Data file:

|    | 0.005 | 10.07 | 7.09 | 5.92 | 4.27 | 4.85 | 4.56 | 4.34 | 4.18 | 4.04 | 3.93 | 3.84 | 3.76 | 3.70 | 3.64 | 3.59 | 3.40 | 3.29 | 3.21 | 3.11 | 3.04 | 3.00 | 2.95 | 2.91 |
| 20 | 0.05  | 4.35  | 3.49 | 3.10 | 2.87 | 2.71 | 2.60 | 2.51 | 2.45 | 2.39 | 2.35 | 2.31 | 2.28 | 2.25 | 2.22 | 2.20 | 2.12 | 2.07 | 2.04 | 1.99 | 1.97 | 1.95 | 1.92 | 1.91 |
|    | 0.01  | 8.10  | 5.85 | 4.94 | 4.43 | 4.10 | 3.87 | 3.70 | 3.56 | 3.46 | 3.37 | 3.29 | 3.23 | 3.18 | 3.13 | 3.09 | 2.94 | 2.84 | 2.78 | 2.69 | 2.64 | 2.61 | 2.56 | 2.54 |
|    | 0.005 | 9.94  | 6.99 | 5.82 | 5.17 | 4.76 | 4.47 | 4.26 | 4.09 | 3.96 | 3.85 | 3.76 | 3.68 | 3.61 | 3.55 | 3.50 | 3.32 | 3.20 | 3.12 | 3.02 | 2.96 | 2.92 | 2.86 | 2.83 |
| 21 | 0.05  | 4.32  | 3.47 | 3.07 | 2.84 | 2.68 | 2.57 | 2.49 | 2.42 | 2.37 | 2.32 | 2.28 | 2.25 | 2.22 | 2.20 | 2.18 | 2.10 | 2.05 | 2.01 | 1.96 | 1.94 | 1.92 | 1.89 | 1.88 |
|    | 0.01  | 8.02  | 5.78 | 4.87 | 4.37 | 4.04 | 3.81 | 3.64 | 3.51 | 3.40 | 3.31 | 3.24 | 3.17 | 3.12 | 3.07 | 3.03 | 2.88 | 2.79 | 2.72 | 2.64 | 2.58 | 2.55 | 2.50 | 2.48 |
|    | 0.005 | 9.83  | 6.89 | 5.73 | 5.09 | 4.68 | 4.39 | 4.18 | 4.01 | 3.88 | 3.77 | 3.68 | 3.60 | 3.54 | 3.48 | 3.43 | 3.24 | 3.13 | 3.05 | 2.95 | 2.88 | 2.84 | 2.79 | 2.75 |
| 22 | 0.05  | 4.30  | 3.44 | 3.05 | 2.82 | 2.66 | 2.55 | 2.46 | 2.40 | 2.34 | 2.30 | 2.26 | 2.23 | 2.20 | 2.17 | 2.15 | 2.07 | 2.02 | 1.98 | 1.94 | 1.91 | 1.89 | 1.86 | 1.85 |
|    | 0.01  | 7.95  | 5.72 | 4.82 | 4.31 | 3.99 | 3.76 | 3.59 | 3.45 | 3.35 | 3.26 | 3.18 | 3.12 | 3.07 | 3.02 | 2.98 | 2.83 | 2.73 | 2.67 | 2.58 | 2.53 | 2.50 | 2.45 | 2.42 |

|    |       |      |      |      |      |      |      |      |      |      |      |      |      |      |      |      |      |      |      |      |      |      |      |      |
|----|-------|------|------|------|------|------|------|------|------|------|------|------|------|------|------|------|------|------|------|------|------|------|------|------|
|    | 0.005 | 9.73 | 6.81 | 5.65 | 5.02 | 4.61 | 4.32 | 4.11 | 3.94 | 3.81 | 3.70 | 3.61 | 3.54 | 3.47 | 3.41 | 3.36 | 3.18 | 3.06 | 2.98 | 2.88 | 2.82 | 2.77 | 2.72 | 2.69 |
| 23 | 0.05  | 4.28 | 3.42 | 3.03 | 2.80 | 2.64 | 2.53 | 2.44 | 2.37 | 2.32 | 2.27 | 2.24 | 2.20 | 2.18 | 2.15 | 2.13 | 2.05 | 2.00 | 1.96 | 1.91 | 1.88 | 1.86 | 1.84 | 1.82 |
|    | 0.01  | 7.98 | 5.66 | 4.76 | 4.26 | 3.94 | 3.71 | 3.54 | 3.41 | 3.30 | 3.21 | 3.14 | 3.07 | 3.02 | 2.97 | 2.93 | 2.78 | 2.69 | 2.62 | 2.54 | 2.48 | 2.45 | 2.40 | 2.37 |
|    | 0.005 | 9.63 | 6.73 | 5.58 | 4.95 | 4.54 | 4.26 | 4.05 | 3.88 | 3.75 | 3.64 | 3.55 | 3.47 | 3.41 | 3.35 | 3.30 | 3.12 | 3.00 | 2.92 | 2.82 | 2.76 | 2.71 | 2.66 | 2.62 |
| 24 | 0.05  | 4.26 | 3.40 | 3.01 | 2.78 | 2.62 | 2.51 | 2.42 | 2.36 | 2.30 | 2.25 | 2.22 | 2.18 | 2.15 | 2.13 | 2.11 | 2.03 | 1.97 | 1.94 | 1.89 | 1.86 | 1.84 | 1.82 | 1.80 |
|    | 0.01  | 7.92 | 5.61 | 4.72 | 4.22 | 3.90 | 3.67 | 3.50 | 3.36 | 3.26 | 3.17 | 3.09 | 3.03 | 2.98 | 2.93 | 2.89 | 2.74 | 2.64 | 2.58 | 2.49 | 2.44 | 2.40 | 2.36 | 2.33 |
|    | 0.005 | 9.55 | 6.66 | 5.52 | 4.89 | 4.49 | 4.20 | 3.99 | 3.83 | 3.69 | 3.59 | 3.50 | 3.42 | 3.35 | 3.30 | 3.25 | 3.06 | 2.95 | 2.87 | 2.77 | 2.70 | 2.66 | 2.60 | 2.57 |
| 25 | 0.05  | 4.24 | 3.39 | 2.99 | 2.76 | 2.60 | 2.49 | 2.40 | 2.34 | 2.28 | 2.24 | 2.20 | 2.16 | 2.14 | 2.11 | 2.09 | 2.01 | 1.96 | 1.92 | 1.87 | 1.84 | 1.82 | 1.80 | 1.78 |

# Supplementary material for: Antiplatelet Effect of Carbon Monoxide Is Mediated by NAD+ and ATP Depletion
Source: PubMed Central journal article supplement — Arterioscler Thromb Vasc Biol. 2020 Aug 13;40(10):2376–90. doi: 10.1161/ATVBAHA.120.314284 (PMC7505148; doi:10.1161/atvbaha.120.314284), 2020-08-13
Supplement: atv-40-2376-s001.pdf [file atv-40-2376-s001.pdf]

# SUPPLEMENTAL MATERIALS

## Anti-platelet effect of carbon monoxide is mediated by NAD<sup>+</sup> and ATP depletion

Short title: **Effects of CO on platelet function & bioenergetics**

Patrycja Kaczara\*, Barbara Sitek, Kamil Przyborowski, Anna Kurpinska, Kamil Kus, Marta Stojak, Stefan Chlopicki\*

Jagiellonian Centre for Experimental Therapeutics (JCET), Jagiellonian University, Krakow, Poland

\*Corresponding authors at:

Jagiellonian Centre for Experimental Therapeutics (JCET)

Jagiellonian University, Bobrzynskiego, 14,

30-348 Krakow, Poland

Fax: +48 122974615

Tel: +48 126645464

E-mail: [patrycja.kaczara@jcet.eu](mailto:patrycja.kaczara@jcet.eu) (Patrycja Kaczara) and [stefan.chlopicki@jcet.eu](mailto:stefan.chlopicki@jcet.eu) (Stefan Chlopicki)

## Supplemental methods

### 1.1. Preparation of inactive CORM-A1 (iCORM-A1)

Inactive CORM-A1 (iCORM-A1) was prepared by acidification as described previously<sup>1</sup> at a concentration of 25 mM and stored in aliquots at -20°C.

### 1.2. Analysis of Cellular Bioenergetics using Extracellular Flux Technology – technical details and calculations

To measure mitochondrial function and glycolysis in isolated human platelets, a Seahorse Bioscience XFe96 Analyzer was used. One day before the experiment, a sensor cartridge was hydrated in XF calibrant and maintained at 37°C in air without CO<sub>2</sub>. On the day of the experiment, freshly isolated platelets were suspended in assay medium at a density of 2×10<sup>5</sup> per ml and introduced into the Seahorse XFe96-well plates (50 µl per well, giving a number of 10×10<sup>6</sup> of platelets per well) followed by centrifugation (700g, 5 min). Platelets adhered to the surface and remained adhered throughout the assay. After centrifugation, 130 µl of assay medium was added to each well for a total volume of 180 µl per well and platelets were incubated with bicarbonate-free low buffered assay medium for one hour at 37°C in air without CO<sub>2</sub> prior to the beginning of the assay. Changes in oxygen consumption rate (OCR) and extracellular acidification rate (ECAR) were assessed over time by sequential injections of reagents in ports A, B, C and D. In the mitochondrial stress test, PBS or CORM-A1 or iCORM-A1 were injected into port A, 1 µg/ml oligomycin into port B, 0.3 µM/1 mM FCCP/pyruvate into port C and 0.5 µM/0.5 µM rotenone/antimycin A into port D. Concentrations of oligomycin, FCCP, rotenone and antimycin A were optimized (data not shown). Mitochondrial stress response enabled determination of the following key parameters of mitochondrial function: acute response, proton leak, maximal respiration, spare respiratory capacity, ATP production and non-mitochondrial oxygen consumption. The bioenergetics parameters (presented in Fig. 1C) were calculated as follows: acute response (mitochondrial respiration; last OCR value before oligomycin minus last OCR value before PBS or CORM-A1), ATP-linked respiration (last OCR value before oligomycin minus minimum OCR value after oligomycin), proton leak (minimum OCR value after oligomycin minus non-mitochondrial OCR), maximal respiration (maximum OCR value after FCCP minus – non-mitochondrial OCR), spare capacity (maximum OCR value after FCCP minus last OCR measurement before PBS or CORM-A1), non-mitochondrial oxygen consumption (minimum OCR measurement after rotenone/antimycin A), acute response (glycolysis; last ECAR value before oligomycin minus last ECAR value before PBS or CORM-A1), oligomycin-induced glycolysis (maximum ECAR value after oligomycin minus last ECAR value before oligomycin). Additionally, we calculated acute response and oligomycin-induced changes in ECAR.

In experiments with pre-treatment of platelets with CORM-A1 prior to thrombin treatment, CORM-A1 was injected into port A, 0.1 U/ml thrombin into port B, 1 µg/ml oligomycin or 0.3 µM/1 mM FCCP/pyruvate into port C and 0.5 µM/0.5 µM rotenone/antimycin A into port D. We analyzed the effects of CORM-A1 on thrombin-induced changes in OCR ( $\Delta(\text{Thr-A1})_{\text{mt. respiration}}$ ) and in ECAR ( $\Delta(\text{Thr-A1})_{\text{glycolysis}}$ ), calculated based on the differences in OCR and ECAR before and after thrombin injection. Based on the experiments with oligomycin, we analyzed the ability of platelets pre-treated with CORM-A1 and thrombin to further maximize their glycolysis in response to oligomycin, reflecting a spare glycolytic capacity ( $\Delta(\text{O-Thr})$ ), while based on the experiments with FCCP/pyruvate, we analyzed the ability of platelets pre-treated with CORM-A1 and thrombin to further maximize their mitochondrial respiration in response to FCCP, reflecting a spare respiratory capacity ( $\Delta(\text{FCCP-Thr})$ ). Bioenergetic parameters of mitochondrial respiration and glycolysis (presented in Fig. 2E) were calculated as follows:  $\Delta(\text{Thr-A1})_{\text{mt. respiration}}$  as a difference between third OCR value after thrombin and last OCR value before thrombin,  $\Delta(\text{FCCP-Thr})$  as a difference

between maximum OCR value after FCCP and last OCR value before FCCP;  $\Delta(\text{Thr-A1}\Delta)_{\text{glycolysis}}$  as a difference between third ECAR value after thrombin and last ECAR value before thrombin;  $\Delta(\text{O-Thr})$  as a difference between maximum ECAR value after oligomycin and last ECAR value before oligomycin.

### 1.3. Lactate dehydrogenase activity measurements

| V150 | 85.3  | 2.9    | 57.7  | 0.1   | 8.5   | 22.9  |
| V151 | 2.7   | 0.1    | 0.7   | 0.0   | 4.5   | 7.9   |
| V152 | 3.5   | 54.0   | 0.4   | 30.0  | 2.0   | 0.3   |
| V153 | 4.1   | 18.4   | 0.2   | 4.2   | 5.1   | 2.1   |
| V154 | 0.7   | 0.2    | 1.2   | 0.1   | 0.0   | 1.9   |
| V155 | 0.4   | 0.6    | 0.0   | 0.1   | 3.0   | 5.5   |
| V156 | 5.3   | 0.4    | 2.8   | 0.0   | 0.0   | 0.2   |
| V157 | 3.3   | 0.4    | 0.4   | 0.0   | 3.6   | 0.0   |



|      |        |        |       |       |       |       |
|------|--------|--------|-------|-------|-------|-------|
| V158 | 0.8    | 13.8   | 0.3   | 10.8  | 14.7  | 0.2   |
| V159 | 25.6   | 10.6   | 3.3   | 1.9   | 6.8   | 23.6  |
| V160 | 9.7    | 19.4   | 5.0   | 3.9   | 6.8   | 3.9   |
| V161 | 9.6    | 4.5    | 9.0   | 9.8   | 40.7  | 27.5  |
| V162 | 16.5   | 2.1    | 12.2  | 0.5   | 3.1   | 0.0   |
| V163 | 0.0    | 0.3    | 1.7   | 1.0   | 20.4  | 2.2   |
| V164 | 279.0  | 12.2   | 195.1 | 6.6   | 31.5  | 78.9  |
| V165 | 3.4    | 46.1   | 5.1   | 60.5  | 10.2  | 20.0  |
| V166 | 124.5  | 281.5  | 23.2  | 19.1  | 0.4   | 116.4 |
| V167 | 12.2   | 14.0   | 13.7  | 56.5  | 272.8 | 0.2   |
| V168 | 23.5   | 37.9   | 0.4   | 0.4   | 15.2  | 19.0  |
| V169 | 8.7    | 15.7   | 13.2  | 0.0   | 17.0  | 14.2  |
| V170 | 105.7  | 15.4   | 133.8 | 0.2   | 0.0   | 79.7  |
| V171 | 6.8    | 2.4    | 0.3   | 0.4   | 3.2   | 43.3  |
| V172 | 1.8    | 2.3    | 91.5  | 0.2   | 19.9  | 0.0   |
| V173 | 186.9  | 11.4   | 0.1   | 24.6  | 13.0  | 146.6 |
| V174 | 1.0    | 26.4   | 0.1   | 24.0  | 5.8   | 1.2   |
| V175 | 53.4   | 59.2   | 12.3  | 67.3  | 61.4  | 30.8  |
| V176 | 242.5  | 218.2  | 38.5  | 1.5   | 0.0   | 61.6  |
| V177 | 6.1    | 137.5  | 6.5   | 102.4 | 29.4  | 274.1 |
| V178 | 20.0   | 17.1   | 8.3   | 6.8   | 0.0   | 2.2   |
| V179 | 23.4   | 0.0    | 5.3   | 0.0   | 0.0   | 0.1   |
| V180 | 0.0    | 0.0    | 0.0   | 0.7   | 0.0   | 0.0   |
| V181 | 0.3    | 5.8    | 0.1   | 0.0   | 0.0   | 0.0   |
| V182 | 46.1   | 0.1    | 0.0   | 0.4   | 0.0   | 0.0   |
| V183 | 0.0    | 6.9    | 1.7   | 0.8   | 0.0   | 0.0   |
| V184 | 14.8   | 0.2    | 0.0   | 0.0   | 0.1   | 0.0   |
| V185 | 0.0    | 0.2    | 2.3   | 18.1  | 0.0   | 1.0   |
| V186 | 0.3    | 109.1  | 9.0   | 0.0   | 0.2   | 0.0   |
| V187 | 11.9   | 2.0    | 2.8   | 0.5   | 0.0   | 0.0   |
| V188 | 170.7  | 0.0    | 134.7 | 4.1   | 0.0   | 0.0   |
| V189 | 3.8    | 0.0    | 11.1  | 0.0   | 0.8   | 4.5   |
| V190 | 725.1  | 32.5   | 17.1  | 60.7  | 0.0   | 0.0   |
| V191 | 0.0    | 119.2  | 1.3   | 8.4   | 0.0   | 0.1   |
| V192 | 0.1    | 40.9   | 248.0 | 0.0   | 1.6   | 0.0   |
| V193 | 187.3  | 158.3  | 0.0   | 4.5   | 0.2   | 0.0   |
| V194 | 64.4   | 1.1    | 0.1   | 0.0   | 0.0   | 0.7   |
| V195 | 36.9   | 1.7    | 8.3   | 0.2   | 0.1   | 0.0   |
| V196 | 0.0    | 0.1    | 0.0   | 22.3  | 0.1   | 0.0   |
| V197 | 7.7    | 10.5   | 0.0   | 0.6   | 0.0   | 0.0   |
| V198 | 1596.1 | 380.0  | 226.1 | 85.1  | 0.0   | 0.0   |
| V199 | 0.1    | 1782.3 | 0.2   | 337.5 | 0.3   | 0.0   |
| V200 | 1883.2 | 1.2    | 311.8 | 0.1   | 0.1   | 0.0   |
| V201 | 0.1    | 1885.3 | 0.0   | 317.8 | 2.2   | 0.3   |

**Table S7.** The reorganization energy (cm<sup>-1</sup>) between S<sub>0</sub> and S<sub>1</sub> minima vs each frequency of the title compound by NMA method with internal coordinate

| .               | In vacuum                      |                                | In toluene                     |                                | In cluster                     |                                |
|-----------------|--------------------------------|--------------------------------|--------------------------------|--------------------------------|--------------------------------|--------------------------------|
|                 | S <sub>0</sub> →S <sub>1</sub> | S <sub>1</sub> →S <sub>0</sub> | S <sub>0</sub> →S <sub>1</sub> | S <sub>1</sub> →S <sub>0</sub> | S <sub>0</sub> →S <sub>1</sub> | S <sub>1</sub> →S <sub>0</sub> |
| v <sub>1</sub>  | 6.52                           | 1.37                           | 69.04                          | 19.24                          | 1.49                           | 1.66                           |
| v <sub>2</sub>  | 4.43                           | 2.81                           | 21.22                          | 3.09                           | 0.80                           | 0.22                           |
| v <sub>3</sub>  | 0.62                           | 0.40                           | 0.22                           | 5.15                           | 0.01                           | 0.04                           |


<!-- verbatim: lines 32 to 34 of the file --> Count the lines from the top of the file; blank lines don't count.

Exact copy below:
Fax: +48 122974615

Tel: +48 126645464

E-mail: [patrycja.kaczara@jcet.eu](mailto:patrycja.kaczara@jcet.eu) (Patrycja Kaczara) and [stefan.chlopicki@jcet.eu](mailto:stefan.chlopicki@jcet.eu) (Stefan Chlopicki)